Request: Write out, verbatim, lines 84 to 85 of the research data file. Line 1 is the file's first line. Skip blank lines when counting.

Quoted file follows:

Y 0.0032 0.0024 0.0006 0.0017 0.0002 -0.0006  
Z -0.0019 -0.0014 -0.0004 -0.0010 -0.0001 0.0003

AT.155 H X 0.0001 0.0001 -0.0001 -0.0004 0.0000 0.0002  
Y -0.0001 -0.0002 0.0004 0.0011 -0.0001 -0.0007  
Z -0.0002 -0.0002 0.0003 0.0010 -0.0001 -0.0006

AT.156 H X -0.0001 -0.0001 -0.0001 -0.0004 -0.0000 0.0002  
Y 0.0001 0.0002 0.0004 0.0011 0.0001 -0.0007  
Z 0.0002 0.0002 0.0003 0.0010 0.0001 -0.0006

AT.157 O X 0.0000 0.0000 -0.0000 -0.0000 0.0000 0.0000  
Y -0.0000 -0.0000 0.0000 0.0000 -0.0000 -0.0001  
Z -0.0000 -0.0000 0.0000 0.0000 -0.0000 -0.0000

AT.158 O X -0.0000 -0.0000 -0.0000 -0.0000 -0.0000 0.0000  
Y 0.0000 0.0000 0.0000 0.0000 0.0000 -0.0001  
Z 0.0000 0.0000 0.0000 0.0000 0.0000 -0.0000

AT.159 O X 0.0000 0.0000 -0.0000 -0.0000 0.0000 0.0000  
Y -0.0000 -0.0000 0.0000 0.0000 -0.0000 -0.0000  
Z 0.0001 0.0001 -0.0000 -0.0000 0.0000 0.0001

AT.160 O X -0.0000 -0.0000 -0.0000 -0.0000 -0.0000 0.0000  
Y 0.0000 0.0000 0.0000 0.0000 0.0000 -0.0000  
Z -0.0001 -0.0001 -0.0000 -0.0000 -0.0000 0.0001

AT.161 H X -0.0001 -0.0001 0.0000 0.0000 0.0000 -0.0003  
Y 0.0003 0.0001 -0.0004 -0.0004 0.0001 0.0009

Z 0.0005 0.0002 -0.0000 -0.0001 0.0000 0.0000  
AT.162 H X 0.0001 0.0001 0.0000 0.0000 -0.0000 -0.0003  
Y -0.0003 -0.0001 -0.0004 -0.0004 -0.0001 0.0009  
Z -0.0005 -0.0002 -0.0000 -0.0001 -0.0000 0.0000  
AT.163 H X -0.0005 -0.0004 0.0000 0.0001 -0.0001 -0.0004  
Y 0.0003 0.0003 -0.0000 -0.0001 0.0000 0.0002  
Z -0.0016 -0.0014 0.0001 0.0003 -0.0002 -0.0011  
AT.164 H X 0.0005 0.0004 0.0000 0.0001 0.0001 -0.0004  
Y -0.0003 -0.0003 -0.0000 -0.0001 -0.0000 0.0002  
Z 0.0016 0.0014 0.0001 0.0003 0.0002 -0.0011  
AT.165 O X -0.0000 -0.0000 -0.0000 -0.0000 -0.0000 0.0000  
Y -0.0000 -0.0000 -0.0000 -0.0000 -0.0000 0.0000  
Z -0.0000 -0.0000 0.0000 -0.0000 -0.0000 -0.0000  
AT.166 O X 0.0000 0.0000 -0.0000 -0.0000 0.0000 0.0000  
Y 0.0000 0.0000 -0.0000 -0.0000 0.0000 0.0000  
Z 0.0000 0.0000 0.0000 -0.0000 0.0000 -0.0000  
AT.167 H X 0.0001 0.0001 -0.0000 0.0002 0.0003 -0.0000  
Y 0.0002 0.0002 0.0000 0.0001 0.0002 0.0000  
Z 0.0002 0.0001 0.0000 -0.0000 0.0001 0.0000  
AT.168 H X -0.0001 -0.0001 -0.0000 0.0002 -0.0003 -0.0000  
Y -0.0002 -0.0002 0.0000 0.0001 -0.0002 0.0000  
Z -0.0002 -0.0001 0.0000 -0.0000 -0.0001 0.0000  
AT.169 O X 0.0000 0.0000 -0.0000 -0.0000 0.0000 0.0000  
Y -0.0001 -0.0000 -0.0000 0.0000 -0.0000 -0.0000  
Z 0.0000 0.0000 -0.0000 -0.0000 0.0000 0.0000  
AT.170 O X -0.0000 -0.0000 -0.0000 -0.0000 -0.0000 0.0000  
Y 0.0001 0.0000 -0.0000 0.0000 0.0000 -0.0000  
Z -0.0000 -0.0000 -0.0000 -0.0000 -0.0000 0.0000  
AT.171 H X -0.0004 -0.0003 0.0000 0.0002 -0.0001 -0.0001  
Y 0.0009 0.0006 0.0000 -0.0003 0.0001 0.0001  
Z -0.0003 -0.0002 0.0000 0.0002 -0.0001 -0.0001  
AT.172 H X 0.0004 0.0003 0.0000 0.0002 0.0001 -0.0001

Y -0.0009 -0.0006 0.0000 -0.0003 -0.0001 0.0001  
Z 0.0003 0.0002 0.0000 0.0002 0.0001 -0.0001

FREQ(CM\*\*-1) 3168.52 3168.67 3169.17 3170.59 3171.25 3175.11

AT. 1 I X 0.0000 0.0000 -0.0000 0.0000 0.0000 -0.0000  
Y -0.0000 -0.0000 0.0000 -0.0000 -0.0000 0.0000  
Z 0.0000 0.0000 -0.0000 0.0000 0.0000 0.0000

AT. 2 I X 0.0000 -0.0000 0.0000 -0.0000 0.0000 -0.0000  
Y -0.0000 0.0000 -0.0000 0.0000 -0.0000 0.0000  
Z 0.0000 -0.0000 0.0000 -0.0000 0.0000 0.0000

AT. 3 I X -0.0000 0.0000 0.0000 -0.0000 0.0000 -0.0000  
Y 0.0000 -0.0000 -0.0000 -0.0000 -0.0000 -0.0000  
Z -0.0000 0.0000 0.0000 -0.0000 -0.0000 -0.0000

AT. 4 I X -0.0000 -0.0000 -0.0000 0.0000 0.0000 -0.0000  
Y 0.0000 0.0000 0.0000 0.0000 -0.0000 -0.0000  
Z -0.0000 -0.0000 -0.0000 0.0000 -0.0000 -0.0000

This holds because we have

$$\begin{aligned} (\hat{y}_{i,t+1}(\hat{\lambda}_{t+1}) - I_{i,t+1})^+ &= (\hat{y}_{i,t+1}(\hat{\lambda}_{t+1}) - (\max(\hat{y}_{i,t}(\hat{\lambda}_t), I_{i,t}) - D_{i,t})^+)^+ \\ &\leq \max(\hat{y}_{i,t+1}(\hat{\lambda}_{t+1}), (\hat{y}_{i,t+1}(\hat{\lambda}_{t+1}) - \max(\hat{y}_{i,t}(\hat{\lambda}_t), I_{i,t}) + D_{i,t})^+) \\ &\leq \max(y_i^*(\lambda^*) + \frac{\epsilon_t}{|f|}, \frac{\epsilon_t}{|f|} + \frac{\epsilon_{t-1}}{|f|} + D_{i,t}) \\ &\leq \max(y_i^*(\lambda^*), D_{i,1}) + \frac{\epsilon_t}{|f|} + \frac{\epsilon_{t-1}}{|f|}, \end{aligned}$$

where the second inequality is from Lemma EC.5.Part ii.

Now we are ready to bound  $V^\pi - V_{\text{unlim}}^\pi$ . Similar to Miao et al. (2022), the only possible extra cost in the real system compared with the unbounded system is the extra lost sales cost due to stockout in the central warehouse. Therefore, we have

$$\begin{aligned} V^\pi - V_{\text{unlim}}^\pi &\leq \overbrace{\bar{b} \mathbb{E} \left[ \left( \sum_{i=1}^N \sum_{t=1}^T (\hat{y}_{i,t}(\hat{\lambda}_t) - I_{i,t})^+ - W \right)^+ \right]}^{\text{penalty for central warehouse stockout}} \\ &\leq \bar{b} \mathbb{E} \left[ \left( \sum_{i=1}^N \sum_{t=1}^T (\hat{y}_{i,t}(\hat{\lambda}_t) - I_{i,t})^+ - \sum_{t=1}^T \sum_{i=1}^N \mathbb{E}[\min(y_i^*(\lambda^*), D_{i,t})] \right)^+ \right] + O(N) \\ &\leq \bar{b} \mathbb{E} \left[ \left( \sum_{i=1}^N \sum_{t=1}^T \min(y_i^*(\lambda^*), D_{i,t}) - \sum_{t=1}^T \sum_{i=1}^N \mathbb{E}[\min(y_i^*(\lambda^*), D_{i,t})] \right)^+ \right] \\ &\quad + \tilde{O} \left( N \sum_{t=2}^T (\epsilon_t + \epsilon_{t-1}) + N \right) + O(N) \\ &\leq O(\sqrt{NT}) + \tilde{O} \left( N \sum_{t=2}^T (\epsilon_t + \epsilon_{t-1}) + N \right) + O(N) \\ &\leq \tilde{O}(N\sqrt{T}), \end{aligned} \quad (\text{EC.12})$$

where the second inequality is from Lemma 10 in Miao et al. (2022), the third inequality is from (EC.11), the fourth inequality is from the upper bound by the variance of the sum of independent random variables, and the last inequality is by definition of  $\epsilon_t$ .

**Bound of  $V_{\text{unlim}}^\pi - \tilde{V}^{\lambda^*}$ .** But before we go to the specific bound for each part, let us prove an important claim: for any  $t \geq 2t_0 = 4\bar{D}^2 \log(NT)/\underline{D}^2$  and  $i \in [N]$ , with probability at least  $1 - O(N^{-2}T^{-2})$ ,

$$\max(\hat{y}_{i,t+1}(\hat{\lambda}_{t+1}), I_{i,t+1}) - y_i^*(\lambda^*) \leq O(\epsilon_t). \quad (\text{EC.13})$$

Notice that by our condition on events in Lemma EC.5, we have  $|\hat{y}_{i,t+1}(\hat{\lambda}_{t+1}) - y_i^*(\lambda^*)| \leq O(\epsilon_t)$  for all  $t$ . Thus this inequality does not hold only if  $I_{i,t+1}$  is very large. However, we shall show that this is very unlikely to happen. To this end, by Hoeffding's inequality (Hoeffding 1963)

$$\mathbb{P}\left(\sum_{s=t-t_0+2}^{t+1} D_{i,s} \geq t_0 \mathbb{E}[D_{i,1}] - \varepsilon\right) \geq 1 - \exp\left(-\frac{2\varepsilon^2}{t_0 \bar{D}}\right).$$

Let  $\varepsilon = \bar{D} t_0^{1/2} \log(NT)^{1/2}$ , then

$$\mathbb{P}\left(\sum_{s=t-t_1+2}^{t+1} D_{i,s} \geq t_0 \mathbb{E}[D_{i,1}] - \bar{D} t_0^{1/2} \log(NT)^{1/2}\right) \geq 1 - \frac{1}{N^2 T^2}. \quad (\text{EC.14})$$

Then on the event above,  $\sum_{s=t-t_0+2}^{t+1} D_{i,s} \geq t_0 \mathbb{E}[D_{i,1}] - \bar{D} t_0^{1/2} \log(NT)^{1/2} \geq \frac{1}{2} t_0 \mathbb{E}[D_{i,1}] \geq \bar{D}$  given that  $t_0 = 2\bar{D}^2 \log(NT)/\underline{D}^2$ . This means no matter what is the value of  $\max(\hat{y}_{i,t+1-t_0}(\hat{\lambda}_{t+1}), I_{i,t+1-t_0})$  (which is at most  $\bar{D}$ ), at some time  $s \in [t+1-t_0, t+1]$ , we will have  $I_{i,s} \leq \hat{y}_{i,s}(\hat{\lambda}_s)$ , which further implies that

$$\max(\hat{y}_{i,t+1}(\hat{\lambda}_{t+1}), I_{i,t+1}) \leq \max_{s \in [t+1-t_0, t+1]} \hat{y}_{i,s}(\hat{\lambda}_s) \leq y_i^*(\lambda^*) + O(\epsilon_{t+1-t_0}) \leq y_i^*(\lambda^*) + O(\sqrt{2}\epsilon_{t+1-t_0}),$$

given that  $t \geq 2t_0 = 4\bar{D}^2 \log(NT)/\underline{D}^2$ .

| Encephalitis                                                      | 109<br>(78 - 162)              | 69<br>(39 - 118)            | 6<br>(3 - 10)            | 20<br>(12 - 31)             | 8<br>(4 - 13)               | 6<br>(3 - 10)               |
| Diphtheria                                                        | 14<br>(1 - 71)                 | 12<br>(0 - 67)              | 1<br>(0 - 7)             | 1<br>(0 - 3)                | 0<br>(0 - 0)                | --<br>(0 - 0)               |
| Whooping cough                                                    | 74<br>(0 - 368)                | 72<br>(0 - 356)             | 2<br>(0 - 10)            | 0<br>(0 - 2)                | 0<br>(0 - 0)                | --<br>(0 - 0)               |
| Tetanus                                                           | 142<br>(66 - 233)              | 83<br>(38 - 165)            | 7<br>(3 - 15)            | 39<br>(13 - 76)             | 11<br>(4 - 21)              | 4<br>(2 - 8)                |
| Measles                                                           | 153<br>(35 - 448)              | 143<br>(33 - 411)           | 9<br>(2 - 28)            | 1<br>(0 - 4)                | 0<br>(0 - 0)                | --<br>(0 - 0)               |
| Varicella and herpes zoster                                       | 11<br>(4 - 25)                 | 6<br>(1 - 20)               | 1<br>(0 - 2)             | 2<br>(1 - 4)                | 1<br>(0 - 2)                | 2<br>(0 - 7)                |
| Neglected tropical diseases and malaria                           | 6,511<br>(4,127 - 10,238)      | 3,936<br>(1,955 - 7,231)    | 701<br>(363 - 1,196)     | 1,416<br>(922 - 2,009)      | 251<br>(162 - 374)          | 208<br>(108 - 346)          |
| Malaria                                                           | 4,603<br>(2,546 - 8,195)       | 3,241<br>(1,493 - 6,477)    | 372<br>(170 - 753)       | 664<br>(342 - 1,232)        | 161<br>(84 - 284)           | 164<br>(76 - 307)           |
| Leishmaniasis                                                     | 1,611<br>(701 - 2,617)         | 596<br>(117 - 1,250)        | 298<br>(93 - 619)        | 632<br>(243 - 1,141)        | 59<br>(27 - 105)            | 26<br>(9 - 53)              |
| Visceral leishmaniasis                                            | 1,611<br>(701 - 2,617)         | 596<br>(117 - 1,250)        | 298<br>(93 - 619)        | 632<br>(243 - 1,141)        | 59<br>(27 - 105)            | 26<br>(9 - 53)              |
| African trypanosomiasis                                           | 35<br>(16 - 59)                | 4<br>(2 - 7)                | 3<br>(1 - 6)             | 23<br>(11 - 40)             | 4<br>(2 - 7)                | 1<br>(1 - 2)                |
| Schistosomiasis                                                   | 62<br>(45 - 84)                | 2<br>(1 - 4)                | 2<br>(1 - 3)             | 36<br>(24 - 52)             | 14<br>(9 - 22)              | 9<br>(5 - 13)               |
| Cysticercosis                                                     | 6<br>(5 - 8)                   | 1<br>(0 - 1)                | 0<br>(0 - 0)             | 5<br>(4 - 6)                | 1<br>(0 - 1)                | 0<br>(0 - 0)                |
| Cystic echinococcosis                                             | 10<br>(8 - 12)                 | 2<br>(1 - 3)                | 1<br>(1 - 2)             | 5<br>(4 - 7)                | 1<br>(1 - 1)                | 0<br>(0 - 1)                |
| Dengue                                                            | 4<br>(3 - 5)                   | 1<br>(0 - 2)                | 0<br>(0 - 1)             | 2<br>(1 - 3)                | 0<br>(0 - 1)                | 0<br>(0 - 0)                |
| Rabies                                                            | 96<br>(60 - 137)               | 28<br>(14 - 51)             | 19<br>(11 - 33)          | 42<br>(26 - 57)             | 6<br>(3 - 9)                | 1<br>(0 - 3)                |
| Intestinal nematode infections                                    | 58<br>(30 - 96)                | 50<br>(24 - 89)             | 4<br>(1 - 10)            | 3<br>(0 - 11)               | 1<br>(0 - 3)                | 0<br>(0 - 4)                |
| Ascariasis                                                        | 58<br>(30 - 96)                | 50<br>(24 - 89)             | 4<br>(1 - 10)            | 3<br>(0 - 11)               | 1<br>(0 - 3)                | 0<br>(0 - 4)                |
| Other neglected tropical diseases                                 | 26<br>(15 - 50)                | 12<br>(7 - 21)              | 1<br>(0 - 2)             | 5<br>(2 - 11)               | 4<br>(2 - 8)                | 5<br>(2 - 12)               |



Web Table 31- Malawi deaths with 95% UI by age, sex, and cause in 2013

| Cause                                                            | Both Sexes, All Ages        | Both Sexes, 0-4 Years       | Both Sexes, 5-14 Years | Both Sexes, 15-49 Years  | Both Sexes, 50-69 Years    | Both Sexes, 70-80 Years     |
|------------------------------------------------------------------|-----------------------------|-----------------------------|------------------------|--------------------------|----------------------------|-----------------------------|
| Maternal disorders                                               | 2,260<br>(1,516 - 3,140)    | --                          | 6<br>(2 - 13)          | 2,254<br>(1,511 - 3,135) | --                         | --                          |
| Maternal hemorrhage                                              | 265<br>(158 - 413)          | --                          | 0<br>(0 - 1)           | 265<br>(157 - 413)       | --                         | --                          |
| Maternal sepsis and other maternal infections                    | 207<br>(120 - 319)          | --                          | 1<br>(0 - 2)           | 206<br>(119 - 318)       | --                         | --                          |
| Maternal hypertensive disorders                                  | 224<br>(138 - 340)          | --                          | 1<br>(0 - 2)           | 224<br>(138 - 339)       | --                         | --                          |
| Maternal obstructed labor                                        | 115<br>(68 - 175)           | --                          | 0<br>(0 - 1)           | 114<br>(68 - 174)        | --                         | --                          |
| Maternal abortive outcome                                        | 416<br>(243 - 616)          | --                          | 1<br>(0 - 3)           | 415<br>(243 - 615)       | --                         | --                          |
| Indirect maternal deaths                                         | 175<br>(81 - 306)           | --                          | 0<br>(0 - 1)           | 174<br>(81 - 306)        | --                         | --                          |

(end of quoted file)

given that  $t \geq 2t_0 = 4\bar{D}^2 \log(NT)/\underline{D}^2$ .

| Encephalitis                                                      | 109<br>(78 - 162)              | 69<br>(39 - 118)            | 6<br>(3 - 10)            | 20<br>(12 - 31)             | 8<br>(4 - 13)               | 6<br>(3 - 10)               |